Looking at Black Maternal Health & the Persistent Racial Disparity of Black Infant Mortality
Watch the Recording Here
On February 28, we called for equity with public, medical, and community health experts in how social determinants of health impact the mortality and morbidity among black mothers and their babies. Joined by Dr. Sara Shields, Chloe Schwartz, Dr. Grace Lubwama, and moderated by the YWCA’s Director of Wellness & Health Equity, Jermoh Kamara, we examined what strategies are being deployed in Worcester and Massachusetts using data and qualitative experiences.
Moderated by YWCA Director of Wellness & Health Equity, Jermoh Kamara
Dr. Grace Lubwama: Dr. Grace Lubwama, a native of Uganda, has brought her broad global perspective, experience with public health, organizational leadership, and community development to YWCA Kalamazoo. Her perspective infuses her strong systems change approach to issues of social justice and community transformation.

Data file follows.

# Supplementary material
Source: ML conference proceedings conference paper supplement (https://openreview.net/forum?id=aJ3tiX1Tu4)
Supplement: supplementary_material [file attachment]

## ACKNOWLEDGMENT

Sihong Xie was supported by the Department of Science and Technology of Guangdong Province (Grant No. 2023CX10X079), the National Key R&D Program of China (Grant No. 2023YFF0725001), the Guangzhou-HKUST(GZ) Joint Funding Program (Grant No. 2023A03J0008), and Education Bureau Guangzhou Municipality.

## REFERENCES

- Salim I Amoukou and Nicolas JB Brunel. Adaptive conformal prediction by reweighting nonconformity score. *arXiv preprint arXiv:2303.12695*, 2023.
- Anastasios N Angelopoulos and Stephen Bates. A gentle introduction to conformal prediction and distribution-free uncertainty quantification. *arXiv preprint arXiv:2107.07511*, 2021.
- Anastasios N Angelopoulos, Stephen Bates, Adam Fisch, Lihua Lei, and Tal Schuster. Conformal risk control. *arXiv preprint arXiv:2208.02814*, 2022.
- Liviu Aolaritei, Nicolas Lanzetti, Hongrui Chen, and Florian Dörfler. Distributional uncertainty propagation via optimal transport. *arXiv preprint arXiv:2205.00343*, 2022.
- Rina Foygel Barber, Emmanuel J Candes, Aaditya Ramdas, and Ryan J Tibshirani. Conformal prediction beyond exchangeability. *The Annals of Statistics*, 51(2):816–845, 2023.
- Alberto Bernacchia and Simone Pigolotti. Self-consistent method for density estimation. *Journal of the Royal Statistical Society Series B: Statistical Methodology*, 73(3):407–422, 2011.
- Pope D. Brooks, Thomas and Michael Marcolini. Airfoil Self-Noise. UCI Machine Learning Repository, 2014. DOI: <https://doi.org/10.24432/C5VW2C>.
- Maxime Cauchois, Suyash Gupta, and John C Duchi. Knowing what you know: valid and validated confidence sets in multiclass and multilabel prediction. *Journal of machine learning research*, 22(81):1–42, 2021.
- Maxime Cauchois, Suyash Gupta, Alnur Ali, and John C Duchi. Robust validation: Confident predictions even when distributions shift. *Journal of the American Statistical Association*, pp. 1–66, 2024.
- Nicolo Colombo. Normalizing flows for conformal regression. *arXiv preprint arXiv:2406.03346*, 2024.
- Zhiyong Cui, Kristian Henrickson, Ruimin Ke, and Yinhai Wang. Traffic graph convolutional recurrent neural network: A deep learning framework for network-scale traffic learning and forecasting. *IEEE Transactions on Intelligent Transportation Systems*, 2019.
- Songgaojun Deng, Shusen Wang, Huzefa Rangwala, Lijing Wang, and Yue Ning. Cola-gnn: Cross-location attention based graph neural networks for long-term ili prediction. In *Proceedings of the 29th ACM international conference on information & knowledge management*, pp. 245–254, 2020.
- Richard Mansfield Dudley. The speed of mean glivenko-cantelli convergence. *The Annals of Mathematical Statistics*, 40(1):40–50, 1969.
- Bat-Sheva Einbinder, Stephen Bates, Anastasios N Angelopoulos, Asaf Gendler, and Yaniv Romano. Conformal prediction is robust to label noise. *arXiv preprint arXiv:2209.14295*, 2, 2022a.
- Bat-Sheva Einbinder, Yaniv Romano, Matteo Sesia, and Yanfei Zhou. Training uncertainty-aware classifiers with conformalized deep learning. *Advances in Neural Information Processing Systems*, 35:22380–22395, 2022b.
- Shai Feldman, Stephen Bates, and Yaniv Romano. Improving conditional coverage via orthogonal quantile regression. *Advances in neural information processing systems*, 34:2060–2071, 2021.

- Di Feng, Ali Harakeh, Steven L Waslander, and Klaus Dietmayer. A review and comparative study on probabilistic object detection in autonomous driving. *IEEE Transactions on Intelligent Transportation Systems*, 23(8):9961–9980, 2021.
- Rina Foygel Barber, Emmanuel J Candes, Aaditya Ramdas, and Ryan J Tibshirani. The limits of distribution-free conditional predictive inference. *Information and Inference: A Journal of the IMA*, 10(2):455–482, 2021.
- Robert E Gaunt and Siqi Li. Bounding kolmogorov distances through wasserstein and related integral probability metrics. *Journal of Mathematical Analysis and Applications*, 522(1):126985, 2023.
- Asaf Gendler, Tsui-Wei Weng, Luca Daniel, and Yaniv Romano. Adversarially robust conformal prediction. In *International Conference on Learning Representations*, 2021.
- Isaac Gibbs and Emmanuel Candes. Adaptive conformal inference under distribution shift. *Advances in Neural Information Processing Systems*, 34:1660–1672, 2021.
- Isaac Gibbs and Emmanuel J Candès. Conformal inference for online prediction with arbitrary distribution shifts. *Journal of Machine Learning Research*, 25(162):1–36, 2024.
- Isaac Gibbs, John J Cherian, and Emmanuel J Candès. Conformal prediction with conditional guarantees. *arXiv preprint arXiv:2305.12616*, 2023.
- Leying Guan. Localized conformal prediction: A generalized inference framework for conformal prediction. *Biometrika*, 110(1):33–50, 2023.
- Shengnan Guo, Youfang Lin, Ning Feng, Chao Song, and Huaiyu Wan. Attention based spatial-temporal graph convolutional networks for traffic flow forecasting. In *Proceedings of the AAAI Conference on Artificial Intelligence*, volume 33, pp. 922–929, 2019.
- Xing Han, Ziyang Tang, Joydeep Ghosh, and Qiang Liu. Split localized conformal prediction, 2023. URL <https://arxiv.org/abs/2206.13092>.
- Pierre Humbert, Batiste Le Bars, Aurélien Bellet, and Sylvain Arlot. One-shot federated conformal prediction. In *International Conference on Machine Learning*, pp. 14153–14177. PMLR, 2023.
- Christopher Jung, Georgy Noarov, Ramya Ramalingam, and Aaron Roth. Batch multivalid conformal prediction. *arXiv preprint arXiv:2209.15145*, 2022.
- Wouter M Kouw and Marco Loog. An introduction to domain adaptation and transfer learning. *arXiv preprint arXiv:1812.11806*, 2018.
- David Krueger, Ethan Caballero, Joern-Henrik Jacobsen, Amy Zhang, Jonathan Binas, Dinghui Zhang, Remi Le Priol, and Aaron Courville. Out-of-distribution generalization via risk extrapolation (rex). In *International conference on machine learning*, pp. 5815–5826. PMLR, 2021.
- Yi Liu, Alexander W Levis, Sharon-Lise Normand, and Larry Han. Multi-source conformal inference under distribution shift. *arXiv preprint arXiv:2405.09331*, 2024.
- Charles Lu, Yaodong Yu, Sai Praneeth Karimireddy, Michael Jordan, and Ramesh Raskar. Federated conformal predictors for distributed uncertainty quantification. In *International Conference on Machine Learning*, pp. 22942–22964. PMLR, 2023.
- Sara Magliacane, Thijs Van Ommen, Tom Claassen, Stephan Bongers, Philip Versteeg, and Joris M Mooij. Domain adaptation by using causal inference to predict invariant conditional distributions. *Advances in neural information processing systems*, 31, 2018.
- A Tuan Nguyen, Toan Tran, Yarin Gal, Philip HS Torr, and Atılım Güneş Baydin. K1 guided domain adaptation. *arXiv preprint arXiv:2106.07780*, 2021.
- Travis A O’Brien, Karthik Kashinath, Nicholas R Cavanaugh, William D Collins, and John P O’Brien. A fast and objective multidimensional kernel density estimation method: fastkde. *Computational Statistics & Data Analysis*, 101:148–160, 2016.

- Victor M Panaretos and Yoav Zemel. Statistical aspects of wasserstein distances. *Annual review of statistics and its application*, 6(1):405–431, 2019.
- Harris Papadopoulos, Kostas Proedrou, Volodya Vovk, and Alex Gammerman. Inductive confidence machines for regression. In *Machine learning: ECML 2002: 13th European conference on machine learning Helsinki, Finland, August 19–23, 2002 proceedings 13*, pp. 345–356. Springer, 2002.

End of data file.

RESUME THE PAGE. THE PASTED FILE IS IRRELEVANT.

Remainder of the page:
Since Dr. Lubwama’s arrival to YWCA Kalamazoo in February 2014, her leadership has placed the organization in the forefront of the Kalamazoo community. Dr. Lubwama’s experiences hold the organization’s mission in fidelity as it addresses domestic violence, sexual assault and human trafficking through a racial and gender equity lens. Understanding the importance of targeting interventions for the most vulnerable, under Dr. Lubwama’s leadership, YWCA Kalamazoo opened the first shelter for all victims of human trafficking in the State of Michigan. Not one to shy away from controversial work, Dr. Lubwama used her expertise to help Kalamazoo County’s community-based organizations and health care systems found Cradle Kalamazoo, a collective impact framework designed to address the racial disparities in Kalamazoo County’s infant mortality rates.